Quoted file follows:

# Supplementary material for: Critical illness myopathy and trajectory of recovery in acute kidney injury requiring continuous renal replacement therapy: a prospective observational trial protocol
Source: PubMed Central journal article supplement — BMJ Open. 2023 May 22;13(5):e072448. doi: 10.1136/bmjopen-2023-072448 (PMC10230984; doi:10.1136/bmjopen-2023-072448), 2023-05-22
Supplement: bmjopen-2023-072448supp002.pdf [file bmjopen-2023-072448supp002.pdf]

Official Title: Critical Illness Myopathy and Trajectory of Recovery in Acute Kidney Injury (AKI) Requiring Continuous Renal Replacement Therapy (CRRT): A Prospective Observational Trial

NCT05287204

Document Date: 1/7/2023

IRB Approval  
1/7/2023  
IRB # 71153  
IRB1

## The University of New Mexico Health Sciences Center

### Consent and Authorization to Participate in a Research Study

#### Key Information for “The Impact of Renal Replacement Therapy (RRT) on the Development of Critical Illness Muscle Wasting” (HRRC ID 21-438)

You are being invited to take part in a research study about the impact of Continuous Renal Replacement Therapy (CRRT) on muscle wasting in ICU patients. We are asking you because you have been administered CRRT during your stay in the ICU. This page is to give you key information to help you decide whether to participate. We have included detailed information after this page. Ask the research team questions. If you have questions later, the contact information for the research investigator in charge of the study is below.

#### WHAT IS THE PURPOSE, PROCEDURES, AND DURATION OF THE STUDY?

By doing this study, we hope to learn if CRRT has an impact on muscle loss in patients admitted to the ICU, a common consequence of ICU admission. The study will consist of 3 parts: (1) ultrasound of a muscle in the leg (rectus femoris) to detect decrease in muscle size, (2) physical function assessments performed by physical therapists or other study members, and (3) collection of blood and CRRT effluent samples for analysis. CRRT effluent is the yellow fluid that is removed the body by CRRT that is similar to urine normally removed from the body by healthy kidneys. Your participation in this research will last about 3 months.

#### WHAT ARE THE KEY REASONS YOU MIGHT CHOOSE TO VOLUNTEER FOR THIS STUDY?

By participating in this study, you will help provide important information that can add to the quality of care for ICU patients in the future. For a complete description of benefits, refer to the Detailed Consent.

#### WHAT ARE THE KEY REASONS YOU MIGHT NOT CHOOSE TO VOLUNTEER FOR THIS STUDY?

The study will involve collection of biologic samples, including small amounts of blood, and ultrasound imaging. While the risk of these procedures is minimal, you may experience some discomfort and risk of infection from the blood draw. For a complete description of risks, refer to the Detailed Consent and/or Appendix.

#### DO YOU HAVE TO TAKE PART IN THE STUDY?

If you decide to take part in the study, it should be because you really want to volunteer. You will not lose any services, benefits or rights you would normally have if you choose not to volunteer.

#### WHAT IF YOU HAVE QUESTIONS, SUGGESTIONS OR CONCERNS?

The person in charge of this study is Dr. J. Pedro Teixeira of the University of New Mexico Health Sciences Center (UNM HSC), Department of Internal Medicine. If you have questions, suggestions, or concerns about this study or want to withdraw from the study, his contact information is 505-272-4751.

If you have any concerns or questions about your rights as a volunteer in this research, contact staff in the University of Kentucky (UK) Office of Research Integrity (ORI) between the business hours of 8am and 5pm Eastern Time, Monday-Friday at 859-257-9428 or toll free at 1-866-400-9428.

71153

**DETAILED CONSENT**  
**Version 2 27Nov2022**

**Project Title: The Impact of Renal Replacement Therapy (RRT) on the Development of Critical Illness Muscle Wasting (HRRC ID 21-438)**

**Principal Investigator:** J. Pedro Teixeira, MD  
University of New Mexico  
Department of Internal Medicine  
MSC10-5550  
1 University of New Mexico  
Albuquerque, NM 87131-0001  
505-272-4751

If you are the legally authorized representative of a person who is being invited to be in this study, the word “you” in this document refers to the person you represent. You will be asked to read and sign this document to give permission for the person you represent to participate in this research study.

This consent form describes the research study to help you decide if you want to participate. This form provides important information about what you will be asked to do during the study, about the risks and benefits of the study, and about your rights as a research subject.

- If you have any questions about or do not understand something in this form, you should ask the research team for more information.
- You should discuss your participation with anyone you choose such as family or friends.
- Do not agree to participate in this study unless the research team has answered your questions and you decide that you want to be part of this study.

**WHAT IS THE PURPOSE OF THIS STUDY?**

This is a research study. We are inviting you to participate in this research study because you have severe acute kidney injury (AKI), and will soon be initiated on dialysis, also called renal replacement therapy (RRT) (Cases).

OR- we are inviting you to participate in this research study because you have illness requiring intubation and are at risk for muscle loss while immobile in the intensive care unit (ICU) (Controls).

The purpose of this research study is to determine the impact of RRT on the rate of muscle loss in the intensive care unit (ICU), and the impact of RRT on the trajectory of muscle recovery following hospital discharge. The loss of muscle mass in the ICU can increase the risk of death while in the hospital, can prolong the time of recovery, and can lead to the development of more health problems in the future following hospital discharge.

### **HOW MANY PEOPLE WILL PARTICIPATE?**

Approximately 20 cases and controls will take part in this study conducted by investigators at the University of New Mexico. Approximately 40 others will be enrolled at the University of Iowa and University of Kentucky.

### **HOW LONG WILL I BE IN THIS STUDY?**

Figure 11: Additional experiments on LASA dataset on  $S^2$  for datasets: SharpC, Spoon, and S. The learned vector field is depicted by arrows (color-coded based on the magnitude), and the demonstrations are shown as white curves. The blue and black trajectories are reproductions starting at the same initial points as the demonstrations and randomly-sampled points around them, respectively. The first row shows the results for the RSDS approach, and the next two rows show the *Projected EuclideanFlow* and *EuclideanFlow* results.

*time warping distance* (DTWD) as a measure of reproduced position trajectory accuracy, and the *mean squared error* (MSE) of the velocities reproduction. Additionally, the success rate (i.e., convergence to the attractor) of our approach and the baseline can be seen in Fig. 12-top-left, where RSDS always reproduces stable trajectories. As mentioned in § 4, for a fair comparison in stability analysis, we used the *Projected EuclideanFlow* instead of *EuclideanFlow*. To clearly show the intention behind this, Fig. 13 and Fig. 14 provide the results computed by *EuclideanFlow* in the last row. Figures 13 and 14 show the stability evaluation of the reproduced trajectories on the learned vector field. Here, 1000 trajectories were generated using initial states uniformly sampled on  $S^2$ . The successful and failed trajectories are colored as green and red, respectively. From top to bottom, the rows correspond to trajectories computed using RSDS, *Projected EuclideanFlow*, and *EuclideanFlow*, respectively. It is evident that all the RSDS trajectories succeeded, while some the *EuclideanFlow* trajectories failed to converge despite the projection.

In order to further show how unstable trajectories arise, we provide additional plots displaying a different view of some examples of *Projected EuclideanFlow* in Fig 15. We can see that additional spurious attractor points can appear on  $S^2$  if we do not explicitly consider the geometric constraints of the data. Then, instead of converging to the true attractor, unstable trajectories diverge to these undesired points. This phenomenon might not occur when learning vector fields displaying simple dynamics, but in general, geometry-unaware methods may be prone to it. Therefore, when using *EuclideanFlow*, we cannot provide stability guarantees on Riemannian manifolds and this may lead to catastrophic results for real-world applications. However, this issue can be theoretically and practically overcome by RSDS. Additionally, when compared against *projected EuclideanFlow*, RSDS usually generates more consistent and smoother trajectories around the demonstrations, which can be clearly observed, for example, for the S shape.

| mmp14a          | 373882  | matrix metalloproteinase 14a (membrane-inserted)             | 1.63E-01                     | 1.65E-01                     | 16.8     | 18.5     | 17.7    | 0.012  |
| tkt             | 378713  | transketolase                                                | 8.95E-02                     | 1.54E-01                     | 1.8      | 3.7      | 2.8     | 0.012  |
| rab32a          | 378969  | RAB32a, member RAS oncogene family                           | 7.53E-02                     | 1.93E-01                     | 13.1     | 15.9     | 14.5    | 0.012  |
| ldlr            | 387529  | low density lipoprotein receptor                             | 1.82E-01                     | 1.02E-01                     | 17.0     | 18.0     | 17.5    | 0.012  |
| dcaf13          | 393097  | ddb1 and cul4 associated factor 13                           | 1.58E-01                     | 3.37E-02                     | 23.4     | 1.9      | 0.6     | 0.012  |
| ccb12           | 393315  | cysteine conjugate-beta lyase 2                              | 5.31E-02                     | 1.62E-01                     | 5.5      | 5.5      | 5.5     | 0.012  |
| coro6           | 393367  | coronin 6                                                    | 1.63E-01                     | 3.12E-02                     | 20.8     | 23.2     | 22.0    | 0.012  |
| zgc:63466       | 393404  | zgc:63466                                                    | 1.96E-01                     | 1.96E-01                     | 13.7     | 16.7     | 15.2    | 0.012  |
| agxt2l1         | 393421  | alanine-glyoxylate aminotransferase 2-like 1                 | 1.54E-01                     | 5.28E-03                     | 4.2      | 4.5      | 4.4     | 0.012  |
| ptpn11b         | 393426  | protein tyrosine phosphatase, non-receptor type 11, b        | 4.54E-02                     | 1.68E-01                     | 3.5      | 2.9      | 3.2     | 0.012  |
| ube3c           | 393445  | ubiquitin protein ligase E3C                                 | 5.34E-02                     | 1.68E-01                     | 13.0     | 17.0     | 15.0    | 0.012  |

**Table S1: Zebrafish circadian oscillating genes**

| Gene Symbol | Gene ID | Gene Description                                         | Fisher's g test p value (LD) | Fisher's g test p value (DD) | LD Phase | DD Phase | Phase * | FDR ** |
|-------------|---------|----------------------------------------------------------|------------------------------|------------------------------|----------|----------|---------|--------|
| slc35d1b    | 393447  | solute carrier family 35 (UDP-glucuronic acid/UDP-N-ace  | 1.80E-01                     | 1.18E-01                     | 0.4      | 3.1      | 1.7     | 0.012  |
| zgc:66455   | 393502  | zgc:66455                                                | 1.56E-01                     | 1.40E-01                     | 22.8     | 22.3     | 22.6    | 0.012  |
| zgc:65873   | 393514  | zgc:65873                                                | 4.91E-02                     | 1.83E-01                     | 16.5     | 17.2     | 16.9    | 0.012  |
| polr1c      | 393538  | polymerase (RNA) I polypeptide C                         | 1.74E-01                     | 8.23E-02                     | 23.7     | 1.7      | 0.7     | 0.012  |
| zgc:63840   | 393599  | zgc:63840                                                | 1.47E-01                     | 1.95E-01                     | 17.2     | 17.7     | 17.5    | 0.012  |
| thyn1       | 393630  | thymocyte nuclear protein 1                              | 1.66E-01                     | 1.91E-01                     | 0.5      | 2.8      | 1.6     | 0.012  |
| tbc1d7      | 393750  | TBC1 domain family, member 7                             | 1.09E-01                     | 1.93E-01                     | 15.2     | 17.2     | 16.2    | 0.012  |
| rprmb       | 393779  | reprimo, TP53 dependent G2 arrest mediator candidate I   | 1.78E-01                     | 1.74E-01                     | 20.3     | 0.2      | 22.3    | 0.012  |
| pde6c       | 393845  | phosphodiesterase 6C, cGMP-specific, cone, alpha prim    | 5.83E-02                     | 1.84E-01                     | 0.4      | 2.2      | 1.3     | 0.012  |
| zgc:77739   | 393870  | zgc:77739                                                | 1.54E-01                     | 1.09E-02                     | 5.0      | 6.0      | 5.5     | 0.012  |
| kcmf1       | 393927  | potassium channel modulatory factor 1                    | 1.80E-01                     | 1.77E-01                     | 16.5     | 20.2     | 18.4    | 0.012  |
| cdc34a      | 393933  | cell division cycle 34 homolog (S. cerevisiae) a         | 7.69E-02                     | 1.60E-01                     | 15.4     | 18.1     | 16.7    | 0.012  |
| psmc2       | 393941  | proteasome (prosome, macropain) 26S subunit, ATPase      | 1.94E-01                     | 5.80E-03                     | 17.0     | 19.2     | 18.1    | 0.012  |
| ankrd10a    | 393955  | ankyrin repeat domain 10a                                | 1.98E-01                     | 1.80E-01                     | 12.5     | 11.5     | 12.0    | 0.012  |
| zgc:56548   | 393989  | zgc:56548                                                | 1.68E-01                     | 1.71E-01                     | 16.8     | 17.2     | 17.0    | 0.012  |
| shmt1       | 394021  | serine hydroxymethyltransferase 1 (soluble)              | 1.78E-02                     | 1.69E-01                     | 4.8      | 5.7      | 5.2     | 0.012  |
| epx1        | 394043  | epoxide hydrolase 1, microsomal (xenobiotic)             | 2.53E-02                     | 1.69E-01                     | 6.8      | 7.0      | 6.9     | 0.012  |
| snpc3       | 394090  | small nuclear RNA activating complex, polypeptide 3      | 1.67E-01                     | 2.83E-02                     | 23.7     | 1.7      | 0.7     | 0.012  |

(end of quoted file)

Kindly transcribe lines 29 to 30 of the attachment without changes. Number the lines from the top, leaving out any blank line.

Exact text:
**Project Title: The Impact of Renal Replacement Therapy (RRT) on the Development of Critical Illness Muscle Wasting (HRRC ID 21-438)**

**Principal Investigator:** J. Pedro Teixeira, MD  